On April 27, the Senate confirmed Alexander Acosta as secretary of labor by a vote of 60-38. Eight Democrats joined the Republican majority in voting for President Donald Trump’s nominee, completing Trump’s Cabinet just shy of his 100th day in office.
Acosta, a former National Labor Relations Board (NLRB) member, previously served as assistant attorney general for the U.S. Department of Justice’s Civil Rights Division. Most recently, he was dean of the Florida International University College of Law.
Acosta has a deep understanding of labor and employment issues and should be able to hit the ground running, Leslie E. Silverman, an attorney with Fortney & Scott, said following his nomination. “He brings a lot of day-to-day experience and expertise and I think he has the makings of a very responsible Secretary of Labor,” added David S. Fortney, a cofounder of Fortney & Scott and an editor of Federal Employment Law Insider. Acosta has a broad depth of knowledge of the workplace and will be able to navigate the intersection of policy implementation and enforcement thoughtfully and responsibly, Fortney said.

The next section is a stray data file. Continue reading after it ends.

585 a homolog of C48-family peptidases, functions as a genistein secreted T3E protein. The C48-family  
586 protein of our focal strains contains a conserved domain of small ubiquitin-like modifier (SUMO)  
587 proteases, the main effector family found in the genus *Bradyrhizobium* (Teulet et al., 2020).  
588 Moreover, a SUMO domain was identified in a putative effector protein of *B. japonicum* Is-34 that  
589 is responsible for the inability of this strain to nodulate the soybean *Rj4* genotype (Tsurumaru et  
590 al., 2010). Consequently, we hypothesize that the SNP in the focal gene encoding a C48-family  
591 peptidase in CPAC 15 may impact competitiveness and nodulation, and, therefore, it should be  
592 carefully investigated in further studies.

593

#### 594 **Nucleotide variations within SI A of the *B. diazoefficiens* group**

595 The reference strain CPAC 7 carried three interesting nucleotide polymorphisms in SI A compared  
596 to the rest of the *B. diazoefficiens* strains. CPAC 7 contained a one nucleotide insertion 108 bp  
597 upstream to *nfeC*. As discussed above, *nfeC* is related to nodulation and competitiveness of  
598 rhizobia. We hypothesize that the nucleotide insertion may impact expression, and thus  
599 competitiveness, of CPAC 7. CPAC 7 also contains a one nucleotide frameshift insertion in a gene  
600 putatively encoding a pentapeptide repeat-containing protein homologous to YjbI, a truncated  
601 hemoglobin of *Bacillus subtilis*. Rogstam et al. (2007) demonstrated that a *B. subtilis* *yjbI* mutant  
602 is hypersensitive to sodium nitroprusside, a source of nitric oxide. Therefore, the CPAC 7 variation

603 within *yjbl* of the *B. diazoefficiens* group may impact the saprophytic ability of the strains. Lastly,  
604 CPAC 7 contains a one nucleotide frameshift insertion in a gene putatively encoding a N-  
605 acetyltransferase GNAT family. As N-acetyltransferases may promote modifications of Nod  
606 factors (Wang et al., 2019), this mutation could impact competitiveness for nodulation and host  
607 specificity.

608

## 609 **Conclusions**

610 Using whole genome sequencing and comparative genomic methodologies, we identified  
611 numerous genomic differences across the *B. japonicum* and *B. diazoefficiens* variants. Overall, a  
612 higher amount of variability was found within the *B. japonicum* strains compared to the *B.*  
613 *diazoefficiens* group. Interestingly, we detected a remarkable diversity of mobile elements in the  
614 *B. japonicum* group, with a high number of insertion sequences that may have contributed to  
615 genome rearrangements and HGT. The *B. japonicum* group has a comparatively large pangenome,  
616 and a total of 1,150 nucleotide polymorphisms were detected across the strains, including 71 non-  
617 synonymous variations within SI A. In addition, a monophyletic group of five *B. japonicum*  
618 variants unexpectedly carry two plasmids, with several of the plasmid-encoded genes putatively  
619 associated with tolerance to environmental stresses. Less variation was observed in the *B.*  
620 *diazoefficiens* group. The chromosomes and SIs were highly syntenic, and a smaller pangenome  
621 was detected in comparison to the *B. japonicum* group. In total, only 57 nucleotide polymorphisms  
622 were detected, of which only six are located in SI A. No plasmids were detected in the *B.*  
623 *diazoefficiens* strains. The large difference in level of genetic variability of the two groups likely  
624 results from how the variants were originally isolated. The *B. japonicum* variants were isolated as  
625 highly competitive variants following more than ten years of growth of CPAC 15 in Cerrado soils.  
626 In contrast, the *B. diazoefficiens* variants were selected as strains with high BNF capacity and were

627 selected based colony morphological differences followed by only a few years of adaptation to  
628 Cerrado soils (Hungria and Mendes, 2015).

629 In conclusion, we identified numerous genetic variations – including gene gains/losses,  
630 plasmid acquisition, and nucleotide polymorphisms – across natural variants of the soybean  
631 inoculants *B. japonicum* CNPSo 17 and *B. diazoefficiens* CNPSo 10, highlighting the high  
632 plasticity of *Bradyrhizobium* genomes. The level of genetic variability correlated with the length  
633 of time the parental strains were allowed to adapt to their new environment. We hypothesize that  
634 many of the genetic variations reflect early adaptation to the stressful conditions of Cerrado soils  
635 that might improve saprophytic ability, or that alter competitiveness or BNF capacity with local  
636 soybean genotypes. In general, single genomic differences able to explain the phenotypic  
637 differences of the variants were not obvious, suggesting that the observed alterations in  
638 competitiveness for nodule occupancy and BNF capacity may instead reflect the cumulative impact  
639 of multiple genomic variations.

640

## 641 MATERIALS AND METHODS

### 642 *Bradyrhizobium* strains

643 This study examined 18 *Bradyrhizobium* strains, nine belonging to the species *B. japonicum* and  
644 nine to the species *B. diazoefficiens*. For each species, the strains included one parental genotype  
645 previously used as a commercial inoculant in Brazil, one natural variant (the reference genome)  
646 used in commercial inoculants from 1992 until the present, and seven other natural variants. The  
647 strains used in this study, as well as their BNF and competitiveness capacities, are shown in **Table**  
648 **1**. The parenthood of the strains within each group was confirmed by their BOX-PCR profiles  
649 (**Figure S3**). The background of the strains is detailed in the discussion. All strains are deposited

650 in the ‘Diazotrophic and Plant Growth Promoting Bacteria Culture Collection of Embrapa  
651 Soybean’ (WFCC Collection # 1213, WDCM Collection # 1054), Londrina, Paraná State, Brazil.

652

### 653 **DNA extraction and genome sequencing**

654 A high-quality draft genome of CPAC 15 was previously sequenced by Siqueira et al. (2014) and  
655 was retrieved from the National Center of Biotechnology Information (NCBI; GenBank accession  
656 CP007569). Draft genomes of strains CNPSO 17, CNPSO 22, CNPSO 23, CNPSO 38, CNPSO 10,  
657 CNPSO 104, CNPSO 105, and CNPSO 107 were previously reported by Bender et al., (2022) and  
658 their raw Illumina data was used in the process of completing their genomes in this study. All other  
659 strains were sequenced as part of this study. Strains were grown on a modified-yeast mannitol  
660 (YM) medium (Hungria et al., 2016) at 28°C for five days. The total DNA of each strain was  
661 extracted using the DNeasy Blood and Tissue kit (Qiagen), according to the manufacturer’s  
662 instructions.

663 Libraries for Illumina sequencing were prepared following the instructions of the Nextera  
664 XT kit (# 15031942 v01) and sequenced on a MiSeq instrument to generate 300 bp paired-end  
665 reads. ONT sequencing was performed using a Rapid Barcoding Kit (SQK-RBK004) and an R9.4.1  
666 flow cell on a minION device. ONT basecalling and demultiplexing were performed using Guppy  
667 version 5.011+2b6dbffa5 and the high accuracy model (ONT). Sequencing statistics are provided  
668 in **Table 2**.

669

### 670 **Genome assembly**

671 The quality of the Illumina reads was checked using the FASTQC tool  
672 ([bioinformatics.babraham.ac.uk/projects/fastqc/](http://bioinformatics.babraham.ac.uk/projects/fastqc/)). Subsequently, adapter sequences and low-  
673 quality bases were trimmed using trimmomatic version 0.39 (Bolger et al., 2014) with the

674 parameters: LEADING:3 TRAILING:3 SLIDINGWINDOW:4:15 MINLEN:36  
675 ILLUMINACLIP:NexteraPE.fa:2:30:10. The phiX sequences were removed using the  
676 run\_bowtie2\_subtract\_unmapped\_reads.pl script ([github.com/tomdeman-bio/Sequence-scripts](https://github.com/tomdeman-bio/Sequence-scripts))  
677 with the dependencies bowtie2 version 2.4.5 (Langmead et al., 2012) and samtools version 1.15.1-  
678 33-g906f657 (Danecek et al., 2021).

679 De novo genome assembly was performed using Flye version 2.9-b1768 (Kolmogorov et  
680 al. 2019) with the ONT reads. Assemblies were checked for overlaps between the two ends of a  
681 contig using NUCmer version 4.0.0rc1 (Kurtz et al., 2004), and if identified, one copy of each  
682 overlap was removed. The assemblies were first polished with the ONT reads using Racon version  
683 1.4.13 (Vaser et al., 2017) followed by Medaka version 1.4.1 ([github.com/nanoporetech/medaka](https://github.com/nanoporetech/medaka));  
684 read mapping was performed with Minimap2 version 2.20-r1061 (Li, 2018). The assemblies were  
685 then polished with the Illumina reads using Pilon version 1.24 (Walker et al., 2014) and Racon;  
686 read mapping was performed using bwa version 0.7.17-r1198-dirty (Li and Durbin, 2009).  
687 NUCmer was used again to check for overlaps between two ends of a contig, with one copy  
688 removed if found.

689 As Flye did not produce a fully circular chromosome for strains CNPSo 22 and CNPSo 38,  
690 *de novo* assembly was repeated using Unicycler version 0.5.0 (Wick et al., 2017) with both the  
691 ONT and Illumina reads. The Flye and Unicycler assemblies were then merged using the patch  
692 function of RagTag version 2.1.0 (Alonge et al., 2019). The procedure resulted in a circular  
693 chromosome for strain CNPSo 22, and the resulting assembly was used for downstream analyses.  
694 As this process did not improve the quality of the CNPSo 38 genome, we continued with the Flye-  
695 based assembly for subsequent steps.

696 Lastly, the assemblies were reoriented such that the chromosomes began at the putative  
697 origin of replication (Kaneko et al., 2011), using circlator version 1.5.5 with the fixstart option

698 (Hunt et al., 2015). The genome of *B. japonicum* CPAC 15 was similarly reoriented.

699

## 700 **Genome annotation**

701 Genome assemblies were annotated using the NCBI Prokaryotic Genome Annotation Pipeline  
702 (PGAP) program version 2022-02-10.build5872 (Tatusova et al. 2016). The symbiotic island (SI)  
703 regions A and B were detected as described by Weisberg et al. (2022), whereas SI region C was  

Acosta addressed several U.S. Department of Labor (DOL) initiatives during his Senate committee confirmation hearing in late March, including the new overtime rules currently stuck in judicial limbo, but offered few details about his plans for them. He did, however, call into question the DOL’s authority to set an overtime salary threshold at all. “I think the authority of the secretary to address this is a separate issue from what the correct amount is,” he said.
As a result of delays the administration has faced in getting a labor secretary in place, the DOL has been without a voice in the ongoing budget process. Because Acosta was only a nominee when President Trump’s budget proposal was being prepared, he didn’t get to make recommendations about where budget cuts should occur.
President Trump’s first pick for secretary of labor, Andrew Puzder, was plagued by personal scandals. He withdrew from the approval process hours before his scheduled Senate confirmation hearing after it became clear he didn’t have enough votes to secure confirmation.